by simple tests that are now routinely performed
in mo...
Figure 14.UN03

Relationship among
alleles of a single gene
Complete dominance
of one allele

Description
Heterozygous phe...
Figure 14.UN04

Relationship among
two or more genes
Epistasis

Description
The phenotypic
expression of one
gene affects ...
Figure 14.UN05

Character

Dominant

Recessive

Flower position

Axial (A)

Terminal (a)

Stem length

Tall (T)

Dwarf (t)...
Figure 14.UN06
Figure 14.UN07

George

Sandra

Tom

Sam

Arlene

Wilma

Ann

Michael
Carla

Daniel

Alan

Tina

Christopher
Figure 14.UN08
Figure 14.UN09
Figure 14.UN10
Figure 14.UN11
Figure 14.UN12
Figure 14.UN13
Figure 14.UN14
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  • Figure 14.1 What principles of inheritance did Gregor Mendel discover by breeding garden pea plants?
  • Figure 14.2 Research Method: Crossing Pea Plants
  • Figure 14.2 Research Method: Crossing Pea Plants
  • Figure 14.2 Research Method: Crossing Pea Plants
  • Figure 14.3 Inquiry: When F1 hybrid pea plants self- or cross-pollinate, which traits appear in the F2 generation?
  • Figure 14.3 Inquiry: When F1 hybrid pea plants self- or cross-pollinate, which traits appear in the F2 generation?
  • Figure 14.3 Inquiry: When F1 hybrid pea plants self- or cross-pollinate, which traits appear in the F2 generation?
  • Table 14.1 The Results of Mendel’s F1 Crosses for Seven Characters in Pea Plants
  • Figure 14.4 Alleles, alternative versions of a gene.
  • Figure 14.5 Mendel’s law of segregation.
  • Figure 14.5 Mendel’s law of segregation.
  • Figure 14.5 Mendel’s law of segregation.
  • Figure 14.6 Phenotype versus genotype.
  • Figure 14.7 Research Method: The Testcross
  • Figure 14.8 Inquiry: Do the alleles for one character assort into gametes dependently or independently of the alleles for a different character?
  • Figure 14.9 Segregation of alleles and fertilization as chance events.
  • Figure 14.UN01 In-text figure, p. 270
  • Figure 14.UN02 In-text figure, p. 270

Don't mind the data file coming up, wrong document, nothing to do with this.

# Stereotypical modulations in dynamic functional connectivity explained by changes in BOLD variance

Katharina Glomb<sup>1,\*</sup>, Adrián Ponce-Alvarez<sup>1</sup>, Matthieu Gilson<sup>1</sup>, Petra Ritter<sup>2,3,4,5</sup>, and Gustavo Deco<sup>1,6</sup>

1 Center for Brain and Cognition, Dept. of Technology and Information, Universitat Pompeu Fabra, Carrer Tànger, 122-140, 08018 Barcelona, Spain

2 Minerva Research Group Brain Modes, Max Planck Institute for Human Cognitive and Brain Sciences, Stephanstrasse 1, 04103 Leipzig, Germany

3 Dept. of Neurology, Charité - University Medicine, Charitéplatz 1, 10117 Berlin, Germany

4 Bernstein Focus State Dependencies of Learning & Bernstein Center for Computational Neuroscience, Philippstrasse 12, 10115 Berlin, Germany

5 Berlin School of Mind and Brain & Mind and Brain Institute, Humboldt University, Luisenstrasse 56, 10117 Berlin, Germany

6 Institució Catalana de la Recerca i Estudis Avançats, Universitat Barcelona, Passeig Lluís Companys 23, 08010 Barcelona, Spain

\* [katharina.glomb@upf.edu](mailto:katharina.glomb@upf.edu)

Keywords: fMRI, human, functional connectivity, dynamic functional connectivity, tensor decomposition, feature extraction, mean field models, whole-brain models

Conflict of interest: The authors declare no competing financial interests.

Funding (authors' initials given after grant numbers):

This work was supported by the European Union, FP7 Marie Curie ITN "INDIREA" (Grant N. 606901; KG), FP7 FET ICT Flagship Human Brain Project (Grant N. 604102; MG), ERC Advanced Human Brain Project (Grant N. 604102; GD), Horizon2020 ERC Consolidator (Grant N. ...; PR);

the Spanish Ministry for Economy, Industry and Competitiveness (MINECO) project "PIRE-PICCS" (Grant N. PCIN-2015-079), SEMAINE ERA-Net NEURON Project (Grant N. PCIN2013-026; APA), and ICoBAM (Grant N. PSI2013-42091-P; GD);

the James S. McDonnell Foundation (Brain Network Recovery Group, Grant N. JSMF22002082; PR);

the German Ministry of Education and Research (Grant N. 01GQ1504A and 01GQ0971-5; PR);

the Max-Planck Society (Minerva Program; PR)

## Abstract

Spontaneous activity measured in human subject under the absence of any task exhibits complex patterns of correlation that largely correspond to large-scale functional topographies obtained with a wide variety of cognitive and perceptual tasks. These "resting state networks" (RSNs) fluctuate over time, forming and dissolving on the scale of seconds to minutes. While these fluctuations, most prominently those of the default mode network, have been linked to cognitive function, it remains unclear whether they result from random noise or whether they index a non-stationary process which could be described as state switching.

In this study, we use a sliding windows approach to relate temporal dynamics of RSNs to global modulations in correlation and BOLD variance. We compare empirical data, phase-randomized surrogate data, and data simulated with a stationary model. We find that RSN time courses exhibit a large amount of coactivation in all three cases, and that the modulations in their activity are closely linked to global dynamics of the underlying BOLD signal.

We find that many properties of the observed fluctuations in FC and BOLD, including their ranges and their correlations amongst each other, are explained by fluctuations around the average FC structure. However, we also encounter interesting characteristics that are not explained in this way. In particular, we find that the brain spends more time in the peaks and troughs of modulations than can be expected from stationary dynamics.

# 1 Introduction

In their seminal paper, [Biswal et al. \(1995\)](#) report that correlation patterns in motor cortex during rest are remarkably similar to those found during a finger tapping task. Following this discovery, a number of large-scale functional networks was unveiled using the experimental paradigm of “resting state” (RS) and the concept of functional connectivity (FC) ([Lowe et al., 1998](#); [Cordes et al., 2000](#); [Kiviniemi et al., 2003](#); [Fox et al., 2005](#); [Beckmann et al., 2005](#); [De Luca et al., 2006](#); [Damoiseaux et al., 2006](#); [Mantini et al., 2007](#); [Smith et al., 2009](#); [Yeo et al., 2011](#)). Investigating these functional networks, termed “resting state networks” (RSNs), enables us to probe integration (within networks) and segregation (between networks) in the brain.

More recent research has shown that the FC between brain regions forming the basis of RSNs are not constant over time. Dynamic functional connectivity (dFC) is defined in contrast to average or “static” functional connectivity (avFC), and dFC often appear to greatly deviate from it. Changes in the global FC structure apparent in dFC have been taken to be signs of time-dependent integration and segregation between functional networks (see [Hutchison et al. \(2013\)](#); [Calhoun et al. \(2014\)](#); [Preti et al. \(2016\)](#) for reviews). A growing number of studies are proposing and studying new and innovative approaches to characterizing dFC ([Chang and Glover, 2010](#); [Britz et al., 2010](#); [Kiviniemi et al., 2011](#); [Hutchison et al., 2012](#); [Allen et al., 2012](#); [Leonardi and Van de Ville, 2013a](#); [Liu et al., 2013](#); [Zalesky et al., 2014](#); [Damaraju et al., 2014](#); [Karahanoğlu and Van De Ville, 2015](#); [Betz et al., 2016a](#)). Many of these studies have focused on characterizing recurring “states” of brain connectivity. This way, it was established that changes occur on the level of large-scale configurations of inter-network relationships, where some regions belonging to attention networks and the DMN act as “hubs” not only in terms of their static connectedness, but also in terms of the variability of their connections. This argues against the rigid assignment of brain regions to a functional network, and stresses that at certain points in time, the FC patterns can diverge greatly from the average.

• Figure 14.10 Incomplete dominance in snapdragon color.
  • Figure 14.10 Incomplete dominance in snapdragon color.
  • Figure 14.10 Incomplete dominance in snapdragon color.
  • Figure 14.11 Multiple alleles for the ABO blood groups.
  • Figure 14.12 An example of epistasis.
  • Figure 14.13 A simplified model for polygenic inheritance of skin color.
  • Figure 14.14 The effect of environment on phenotype.
  • Figure 14.14 The effect of environment on phenotype.
  • Figure 14.14 The effect of environment on phenotype.
  • Figure 14.15 Pedigree analysis.
  • Figure 14.15 Pedigree analysis.
  • Figure 14.15 Pedigree analysis.
  • Figure 14.15 Pedigree analysis.
  • Figure 14.15 Pedigree analysis.
  • Figure 14.16 Albinism: a recessive trait.
  • Figure 14.16 Albinism: a recessive trait.
  • Figure 14.17 Achondroplasia: a dominant trait.
  • Figure 14.17 Achondroplasia: a dominant trait.
  • Figure 14.18 Impact: Genetic Testing
  • Figure 14.19 Testing a fetus for genetic disorders.
  • Figure 14.UN03 Summary figure, Concept 14.3
  • Figure 14.UN04 Summary figure, Concept 14.3
  • Figure 14.UN05 Test Your Understanding, question 7
  • Figure 14.UN06 Test Your Understanding, question 14
  • Figure 14.UN07 Test Your Understanding, question 18
  • Figure 14.UN08 Appendix A: answer to Figure 14.8 legend question
  • Figure 14.UN09 Appendix A: answer to Figure 14.13 legend question
  • Figure 14.UN10 Appendix A: answer to Concept Check 14.1, question 1